Currently, there are approaches that are using both techniques in conjunction to get the best of both worlds. This results in a first load and SEO performant due to the HTML being in place from the first moment and smooth interactivity thanks to using Javascript once the page is loaded.

The emergence of frameworks that combine those hybrid approaches is now a reality. Next.js, Remix, Nuxt or SvelteKit are good examples of this and perfect tools to get the best of both techniques. These frameworks make using hybrid approaches very seamless and allow us to fine-tune the rendering strategies based on the website's needs.

When to use each of them

When we have to decide between using client-side rendering or server-side rendering there are a few key factors to consider. These include the amount of traffic the site is likely to receive, the SEO relevance and the need for real-time updates.

For high traffic levels or when SEO is important, server-side rendering may be the best option as it can reduce the amount of time needed to load pages. However, this approach does require more resources and can be more expensive to set up and maintain.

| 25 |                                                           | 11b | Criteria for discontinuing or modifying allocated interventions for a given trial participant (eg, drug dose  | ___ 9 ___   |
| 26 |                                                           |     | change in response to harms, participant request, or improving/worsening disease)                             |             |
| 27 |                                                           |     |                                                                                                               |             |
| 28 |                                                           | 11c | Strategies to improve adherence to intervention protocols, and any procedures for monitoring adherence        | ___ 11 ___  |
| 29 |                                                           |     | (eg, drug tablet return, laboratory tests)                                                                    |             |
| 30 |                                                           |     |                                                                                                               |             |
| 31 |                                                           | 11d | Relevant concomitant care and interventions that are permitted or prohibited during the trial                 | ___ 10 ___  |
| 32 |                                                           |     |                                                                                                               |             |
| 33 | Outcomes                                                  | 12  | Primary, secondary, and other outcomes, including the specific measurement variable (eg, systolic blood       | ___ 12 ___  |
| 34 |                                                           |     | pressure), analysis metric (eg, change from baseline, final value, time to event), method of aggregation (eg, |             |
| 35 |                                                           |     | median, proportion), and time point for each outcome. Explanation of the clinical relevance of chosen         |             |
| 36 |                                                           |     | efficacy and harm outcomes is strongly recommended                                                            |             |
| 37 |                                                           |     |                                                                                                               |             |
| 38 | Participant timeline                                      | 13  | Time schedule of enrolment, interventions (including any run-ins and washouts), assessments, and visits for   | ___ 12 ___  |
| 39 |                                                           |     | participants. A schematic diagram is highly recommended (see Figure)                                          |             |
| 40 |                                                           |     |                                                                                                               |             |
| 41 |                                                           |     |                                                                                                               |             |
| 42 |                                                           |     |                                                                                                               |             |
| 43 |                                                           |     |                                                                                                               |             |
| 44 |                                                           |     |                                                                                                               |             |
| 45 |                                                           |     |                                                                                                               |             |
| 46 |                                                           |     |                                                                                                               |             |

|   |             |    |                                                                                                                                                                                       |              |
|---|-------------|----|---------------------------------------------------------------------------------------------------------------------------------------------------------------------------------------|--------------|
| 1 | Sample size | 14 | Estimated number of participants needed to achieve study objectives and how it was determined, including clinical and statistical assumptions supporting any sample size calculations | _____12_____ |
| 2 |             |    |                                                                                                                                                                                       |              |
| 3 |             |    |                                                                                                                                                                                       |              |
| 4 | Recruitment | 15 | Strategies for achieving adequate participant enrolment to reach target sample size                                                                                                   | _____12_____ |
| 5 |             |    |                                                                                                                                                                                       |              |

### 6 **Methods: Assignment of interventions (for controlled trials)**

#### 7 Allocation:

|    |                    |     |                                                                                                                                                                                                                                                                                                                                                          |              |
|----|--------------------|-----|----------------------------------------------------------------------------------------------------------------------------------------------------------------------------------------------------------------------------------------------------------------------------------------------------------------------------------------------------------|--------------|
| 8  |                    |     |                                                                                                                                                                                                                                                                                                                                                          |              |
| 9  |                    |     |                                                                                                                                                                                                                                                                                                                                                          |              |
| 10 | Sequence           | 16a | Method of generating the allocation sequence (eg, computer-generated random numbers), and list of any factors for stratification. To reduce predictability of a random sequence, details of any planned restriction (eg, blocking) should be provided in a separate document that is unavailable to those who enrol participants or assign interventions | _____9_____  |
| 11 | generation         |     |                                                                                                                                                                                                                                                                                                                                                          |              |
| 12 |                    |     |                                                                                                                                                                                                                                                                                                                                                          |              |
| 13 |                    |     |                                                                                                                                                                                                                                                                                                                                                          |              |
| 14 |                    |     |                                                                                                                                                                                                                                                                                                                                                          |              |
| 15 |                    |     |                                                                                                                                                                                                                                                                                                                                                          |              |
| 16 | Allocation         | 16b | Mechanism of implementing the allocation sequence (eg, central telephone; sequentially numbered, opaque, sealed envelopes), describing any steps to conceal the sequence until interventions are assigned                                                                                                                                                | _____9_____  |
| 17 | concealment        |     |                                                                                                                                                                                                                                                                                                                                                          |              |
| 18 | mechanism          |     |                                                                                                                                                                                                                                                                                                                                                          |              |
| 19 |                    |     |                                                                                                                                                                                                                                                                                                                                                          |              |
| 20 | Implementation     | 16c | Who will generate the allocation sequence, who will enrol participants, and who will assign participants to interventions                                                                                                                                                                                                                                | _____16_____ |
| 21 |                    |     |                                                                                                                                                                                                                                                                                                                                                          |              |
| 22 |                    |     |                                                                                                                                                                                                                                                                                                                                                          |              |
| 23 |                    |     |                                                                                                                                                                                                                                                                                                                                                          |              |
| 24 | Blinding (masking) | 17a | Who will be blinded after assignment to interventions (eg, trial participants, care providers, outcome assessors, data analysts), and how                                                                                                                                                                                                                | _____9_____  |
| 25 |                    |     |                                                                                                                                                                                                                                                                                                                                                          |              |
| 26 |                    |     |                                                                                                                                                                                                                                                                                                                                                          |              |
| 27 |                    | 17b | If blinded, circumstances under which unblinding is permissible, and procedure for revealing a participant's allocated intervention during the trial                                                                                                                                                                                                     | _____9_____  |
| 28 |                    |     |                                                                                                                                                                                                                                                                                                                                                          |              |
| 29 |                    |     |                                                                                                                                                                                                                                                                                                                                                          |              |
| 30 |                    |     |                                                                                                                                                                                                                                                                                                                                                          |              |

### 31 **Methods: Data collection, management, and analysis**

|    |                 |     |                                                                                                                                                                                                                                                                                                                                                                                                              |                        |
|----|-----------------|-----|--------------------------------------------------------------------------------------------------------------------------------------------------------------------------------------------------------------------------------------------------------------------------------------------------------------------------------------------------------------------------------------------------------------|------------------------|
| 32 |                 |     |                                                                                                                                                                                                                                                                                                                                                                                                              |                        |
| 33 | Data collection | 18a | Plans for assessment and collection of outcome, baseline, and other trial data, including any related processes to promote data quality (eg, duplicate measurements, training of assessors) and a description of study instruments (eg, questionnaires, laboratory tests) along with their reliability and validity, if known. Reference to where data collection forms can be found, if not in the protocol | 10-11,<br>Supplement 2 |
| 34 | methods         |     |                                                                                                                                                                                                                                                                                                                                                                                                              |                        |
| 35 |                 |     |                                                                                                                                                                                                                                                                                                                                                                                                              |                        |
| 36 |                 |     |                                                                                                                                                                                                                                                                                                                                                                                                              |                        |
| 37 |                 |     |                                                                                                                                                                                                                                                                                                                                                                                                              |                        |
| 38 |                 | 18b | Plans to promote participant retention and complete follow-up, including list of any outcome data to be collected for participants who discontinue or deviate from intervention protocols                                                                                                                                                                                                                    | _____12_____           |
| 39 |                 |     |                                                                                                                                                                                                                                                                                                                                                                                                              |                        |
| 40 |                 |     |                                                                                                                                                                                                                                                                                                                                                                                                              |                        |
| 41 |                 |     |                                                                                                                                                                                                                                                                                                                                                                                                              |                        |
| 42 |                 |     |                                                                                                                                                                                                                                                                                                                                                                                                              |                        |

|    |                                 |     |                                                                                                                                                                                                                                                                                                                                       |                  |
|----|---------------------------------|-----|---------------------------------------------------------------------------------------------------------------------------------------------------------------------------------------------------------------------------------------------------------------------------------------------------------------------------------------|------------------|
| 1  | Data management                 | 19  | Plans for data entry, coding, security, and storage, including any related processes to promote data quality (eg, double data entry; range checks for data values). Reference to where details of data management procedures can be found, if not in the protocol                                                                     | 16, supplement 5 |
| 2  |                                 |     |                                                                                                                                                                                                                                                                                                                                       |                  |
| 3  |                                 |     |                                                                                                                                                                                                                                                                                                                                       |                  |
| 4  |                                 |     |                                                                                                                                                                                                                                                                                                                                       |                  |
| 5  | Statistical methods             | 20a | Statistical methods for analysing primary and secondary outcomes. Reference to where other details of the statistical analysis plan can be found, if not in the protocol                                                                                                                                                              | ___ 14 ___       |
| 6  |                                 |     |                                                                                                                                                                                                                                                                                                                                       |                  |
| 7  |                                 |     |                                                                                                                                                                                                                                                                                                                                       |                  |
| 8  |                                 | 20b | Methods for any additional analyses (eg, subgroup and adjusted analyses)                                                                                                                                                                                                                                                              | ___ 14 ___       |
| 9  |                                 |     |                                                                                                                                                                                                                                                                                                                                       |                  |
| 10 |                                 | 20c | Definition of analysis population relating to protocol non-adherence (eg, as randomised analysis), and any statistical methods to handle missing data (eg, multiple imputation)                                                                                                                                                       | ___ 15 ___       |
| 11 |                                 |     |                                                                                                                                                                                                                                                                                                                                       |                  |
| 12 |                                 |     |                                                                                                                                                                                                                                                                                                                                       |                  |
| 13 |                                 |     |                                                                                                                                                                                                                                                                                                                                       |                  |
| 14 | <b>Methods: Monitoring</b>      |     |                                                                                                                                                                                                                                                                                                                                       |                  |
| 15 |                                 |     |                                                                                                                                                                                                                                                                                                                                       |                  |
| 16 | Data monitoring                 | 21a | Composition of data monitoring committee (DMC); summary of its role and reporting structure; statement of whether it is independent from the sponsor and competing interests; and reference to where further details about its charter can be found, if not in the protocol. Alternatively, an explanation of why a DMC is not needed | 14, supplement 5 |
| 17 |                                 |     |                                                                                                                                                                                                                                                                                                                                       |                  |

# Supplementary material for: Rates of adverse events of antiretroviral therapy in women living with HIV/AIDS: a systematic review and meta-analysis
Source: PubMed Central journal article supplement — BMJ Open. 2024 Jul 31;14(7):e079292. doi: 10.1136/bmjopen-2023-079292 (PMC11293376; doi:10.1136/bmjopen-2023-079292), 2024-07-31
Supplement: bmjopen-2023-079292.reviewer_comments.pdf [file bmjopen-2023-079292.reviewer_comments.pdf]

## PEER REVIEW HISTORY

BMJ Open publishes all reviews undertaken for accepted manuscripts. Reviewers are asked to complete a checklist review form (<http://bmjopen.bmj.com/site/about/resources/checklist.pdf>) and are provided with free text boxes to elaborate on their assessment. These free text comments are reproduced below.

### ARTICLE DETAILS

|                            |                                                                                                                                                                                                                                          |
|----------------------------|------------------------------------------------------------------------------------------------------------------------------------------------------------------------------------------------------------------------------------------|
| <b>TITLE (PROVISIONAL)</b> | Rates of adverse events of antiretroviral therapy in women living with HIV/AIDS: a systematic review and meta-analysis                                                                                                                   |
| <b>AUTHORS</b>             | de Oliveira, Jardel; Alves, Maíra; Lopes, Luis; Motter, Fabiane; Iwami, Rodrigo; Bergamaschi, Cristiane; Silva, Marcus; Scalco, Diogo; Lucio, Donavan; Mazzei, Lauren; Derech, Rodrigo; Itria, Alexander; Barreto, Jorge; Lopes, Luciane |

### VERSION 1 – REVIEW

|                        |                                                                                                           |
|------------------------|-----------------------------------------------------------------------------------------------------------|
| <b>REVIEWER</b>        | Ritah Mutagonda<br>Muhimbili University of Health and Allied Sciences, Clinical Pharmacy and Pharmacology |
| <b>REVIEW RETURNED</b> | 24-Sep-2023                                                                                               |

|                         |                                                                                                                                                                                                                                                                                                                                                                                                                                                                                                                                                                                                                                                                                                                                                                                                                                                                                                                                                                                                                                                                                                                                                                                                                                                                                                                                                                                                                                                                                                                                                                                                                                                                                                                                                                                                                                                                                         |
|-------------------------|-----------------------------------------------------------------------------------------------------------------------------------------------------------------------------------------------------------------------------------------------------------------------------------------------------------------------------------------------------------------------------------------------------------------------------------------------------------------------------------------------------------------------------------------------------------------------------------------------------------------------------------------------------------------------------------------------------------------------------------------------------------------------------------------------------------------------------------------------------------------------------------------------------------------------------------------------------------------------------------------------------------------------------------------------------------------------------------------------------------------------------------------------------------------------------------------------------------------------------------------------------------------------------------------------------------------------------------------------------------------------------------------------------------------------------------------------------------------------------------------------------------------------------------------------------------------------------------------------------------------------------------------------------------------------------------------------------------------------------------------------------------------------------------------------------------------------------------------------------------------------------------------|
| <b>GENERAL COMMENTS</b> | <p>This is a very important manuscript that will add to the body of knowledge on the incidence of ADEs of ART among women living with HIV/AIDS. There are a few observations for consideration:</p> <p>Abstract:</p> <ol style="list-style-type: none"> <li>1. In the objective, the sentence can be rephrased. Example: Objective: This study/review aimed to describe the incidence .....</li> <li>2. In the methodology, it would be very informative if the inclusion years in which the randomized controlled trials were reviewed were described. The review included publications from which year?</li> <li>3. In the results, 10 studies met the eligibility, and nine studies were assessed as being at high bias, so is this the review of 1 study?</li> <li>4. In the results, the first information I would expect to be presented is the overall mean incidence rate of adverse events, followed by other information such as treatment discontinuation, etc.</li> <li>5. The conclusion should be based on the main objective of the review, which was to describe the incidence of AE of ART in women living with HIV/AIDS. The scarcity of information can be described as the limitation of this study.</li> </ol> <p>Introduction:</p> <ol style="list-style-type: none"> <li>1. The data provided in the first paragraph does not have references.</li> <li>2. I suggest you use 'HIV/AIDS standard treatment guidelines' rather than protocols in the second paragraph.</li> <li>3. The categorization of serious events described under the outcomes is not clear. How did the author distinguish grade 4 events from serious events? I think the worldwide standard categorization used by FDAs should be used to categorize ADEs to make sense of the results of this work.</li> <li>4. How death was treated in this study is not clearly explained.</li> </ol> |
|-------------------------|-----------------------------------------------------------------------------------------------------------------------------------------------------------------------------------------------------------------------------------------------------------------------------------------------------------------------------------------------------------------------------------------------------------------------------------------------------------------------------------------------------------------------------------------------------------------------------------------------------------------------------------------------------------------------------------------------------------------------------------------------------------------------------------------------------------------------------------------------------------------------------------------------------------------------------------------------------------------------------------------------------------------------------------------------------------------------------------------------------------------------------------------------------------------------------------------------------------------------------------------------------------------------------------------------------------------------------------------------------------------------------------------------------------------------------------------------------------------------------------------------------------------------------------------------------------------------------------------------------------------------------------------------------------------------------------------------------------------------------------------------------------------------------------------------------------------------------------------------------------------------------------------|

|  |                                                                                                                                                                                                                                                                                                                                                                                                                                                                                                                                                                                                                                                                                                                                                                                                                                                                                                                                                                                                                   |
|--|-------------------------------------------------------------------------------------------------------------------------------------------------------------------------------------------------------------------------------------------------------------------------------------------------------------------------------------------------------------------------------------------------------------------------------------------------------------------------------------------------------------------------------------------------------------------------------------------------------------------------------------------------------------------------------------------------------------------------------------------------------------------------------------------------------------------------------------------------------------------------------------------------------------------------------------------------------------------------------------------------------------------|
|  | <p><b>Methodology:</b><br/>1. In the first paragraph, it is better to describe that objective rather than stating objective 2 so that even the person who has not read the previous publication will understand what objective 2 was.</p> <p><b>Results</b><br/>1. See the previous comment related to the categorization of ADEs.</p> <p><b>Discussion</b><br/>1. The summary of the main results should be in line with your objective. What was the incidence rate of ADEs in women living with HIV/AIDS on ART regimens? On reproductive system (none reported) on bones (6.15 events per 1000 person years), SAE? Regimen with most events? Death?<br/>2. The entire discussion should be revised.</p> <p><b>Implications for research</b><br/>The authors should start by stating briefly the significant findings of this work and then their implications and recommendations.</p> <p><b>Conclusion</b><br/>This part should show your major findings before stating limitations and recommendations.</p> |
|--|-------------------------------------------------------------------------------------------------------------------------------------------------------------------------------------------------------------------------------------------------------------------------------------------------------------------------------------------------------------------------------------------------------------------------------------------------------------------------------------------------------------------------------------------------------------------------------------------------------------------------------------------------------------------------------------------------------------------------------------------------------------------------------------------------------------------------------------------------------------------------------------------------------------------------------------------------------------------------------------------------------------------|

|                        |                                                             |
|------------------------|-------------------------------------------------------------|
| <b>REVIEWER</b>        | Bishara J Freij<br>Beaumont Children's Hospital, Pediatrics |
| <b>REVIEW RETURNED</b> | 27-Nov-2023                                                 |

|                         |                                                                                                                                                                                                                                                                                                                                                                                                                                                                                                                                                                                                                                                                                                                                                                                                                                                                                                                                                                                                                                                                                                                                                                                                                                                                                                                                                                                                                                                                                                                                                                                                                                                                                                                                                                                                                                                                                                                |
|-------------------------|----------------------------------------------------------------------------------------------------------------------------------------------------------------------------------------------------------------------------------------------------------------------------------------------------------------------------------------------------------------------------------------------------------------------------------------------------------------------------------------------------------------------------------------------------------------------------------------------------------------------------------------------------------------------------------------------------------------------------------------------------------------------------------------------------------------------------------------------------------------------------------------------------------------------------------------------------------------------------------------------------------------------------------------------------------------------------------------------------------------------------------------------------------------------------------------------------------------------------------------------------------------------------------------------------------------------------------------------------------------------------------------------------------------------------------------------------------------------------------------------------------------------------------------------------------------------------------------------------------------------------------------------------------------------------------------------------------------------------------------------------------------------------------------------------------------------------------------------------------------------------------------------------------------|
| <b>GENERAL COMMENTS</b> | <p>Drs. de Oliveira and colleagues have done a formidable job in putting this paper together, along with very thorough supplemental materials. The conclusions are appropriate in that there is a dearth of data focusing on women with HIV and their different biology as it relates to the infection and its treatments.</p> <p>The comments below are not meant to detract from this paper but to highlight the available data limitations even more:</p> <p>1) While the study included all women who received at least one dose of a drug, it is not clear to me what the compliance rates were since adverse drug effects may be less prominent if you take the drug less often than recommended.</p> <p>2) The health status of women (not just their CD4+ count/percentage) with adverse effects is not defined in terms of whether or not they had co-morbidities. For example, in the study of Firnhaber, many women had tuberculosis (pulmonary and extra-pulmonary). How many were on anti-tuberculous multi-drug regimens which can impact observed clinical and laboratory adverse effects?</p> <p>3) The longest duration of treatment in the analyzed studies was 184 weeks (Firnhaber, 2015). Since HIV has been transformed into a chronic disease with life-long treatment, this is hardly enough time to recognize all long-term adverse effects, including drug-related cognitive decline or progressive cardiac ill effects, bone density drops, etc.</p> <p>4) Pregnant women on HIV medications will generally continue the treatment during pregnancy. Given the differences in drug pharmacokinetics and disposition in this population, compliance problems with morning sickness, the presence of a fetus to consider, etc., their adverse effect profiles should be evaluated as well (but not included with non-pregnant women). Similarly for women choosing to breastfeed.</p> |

Client-side rendering can be a good option if the content is highly interactive. Can be less expensive to maintain. However, it is important to note that this approach can result in poorer SEO results.

Hybrid approaches are a good option for SEO and interactivity. In this case, you are the one with a lever and you need to evaluate when to use each approach to get the best experience for your website.

 Àlvar Pérez

Àlvar Pérez

Founding member of The Crafters Lab

Àlvar is a software developer and founding member of The Crafters Lab.